News and Tribune

Clark County

January 3, 2014

NEWS AND TRIBUNE BRIEFS — For Jan. 4-5

CLARK COUNTY

Blasting coming up next week

Blasting to prepare for the east-end bridge is scheduled to take place in Indiana near Upper River Road and Salem Road, just east of Utica. There will not be any traffic stops for this blast.

The date and approximate time (within 15 minutes) will be: 3 p.m. Tuesday, Jan. 7.

Blasting also is scheduled to occur in Indiana on Utica-Sellersburg Road, near the Brookhollow subdivision. Prior to each blast in this location, traffic must be stopped for five to 20 minutes for the safety of the workers and the traveling public. Traffic stops during the blasts will occur on Utica-Sellersburg Road between Shadowbrook Lane and Surrey Road.

The dates and approximate times (within 15 minutes) will be: about 2 p.m. Wednesday, Thursday and Friday, Jan. 8-10.

NEW ALBANY

MLK event to be held in New Albany

The Community Women for Unity and Equality and the New Albany Parks Department, will sponsor this years celebration of Dr. Martin L. King birthday.

The event will be held at the Kathy Wilkerson/Griffin Center, located at 1140 Griffin St. in New Albany. It well be held at 6 p.m. Jan. 15.

The speaker will be Floyd Superior Court No. 1 Judge Susan Orth. Call 812-945-6349 by Friday, Jan. 10 to make reservations. Soup and drinks will be served for free.

CLARKSVILLE

Falls archeology society to meet

Falls of the Ohio Archaeological Society will host its annual meeting at 2 p.m. Jan. 11 at the Falls of the Ohio Interpretive Center, 201 W. Riverside Drive, Clarksville.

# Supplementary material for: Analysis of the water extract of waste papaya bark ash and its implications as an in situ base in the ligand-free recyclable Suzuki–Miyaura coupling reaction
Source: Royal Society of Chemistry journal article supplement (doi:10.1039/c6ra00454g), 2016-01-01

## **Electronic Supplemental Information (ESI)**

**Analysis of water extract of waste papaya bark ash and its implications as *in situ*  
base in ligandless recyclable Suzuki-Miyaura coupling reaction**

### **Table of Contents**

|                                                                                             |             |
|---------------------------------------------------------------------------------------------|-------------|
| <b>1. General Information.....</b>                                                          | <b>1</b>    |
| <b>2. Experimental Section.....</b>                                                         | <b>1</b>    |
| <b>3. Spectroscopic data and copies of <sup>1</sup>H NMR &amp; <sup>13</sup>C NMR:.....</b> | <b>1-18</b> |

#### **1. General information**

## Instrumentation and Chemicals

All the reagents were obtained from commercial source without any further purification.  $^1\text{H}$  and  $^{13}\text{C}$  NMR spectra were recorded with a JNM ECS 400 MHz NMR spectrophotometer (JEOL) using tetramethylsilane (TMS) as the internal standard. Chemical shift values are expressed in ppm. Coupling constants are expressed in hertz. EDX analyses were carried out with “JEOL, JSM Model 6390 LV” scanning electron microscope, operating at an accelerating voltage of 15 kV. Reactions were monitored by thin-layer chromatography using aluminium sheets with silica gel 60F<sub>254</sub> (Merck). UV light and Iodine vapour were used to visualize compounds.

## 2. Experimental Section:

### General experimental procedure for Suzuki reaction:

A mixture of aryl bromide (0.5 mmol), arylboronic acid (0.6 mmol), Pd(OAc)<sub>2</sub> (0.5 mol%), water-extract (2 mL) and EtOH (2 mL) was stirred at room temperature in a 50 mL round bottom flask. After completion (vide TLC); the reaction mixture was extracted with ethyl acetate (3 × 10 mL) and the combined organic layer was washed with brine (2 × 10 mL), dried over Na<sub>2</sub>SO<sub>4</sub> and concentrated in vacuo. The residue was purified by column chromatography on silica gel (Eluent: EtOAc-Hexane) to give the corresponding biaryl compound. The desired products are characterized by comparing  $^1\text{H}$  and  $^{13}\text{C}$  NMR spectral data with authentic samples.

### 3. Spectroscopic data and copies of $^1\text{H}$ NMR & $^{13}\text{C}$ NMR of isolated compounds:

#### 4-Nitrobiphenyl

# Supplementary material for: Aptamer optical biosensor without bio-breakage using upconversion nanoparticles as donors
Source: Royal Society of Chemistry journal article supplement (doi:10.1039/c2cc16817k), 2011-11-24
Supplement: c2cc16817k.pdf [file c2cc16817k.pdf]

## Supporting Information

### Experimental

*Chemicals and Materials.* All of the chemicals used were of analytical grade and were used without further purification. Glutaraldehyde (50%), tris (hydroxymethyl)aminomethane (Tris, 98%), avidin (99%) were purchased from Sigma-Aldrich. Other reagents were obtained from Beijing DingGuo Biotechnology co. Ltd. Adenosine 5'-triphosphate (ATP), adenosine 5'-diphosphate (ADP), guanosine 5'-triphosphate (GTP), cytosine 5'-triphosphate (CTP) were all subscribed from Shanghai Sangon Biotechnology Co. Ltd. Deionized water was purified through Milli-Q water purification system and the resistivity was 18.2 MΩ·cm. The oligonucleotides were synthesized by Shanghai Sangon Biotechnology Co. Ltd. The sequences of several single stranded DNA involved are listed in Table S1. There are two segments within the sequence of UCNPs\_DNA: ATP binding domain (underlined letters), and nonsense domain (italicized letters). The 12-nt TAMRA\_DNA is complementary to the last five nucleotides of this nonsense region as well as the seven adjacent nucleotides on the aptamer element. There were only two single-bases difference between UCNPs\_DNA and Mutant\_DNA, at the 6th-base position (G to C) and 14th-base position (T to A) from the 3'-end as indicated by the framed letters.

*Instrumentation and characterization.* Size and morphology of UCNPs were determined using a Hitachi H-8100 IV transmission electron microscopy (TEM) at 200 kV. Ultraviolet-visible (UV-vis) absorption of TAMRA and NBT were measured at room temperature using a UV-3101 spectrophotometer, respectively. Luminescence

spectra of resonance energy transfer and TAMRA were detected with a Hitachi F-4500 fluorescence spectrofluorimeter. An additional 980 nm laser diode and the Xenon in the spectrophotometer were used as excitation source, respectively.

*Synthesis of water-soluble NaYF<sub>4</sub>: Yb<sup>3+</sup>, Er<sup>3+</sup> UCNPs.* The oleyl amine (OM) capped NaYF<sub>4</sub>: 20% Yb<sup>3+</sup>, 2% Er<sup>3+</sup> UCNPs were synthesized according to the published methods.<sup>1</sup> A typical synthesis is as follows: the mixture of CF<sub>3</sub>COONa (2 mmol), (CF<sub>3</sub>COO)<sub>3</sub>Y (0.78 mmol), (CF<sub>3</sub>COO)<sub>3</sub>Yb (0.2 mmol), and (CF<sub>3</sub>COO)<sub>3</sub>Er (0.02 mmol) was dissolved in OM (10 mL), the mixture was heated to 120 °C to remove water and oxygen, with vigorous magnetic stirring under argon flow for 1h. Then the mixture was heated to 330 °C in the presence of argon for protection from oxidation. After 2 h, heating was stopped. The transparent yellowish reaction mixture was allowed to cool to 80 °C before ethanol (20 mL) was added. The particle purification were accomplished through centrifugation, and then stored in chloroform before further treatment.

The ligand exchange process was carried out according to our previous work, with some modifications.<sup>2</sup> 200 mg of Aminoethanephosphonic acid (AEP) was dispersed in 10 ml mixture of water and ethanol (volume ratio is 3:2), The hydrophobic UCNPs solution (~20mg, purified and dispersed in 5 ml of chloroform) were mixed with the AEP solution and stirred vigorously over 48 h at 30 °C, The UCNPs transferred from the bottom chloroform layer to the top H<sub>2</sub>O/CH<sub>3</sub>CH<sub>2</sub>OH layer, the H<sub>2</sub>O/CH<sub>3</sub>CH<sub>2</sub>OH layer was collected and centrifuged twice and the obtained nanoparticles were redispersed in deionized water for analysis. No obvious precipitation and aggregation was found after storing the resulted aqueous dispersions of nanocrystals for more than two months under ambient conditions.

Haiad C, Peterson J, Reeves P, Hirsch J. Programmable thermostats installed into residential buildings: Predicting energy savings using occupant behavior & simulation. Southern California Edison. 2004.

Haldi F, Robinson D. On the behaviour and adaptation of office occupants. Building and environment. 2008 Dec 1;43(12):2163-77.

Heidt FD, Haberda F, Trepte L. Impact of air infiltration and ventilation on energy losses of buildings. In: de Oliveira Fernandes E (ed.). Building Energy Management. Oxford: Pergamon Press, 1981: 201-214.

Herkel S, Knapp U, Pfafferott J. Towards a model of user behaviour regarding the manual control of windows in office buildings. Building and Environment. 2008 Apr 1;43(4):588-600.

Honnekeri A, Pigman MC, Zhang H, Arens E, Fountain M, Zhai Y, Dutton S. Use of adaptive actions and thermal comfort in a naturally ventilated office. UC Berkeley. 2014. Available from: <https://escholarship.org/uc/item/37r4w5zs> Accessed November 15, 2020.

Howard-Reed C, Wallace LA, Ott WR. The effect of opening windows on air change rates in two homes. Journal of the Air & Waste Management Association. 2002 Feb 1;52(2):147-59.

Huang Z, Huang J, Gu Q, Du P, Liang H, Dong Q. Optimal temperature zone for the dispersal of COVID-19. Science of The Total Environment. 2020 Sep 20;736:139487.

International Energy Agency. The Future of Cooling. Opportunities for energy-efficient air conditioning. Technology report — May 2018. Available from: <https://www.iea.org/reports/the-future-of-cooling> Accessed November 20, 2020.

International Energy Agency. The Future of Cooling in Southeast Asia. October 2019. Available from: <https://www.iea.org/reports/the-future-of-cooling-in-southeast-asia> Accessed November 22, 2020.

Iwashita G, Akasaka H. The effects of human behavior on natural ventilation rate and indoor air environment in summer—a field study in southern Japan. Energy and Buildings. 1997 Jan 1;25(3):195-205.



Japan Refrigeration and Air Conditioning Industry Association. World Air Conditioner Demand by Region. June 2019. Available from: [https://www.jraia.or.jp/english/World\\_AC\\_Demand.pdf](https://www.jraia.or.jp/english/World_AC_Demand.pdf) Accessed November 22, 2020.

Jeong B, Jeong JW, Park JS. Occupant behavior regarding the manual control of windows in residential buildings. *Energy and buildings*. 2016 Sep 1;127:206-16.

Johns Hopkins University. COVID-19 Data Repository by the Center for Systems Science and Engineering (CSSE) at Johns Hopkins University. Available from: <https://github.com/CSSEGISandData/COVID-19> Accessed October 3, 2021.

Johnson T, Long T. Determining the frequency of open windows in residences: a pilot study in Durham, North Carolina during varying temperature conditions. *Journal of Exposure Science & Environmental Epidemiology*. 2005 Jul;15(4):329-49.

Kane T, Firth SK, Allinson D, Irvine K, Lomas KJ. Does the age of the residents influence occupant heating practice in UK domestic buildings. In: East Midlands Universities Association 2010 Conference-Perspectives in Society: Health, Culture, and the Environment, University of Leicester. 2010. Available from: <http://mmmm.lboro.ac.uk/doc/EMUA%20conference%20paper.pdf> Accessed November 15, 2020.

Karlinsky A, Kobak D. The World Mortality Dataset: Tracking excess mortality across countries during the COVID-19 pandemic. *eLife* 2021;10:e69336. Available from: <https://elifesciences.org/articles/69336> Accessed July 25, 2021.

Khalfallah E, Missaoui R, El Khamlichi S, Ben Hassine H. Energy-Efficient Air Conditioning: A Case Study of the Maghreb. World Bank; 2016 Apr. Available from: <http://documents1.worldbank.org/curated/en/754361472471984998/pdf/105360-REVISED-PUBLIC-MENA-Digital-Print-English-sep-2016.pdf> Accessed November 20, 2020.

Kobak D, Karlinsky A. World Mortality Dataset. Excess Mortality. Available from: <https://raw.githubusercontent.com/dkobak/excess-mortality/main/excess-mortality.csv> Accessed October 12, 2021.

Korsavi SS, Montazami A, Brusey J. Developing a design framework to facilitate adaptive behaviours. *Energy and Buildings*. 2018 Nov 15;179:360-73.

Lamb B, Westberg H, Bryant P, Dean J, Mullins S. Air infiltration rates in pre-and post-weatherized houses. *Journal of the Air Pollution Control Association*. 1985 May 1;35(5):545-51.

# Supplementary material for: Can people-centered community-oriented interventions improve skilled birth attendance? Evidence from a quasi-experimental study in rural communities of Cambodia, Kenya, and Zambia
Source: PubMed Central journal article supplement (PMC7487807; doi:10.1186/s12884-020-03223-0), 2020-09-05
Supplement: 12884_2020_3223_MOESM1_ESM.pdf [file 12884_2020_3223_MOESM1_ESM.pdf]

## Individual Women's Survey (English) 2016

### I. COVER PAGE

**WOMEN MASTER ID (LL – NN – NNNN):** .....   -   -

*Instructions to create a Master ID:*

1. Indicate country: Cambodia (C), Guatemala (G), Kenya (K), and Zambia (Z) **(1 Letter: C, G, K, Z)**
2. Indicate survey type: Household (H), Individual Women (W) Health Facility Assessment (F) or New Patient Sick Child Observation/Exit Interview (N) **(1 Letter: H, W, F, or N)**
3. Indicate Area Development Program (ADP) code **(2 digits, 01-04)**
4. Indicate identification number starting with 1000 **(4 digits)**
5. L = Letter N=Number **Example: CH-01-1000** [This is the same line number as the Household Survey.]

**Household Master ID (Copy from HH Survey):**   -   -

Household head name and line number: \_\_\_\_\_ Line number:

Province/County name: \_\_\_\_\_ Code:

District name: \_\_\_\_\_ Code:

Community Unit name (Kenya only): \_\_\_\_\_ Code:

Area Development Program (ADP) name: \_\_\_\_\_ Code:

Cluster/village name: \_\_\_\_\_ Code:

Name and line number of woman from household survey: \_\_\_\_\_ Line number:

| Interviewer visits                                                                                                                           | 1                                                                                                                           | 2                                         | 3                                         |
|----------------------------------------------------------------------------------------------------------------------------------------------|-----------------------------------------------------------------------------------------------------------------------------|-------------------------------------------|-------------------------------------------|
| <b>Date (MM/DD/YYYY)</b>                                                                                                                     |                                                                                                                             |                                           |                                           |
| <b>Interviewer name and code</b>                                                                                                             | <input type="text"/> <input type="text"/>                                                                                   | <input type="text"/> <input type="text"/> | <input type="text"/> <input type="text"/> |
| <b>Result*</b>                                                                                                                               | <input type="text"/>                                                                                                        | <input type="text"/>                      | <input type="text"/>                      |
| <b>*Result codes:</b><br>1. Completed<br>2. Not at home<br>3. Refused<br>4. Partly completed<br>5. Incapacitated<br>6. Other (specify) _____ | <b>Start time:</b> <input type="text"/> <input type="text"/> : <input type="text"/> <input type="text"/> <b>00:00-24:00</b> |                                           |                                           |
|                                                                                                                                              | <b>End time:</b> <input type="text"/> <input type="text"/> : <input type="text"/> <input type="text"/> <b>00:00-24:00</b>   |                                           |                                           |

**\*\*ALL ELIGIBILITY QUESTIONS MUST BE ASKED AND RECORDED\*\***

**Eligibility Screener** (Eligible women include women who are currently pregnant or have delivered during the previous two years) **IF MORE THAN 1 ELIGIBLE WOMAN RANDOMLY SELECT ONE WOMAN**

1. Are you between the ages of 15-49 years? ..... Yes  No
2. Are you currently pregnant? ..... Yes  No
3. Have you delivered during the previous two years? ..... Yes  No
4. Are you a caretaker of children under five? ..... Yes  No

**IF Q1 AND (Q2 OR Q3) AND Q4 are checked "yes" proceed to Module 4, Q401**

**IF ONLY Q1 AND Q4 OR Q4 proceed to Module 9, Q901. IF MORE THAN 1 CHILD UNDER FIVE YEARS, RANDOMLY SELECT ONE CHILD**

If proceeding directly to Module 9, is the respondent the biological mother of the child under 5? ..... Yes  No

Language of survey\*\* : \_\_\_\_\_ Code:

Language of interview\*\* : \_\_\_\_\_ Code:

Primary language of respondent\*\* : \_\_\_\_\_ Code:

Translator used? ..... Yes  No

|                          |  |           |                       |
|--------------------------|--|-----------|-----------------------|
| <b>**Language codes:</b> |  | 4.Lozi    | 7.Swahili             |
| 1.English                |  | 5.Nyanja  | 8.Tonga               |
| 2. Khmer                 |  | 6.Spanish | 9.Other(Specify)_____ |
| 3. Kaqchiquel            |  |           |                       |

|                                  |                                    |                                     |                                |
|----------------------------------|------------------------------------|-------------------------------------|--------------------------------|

General public invited. $5 admission, members free.

The speaker will be Nicholas Laracuente of the Kentucky Heritage Council, presenting “Bourbon Archaeology: Unearthing the forgotten stories from Kentucky’s Distilling Industry.”

Many histories that are being interpreted through bourbon tourism tend to focus on bourbon legends, general industry history and the prominent figures associated with the distilleries that are in operation, while the history of distillery workers and the hundreds of distilleries that did not flourish, have largely been forgotten.

An archaeological examination of Kentucky’s distilleries highlights the forces that brought a landscape of widespread uncontrolled production under the purview of a few. Yet, excavating and interpreting distillery sites can be as complicated as the industry’s history.

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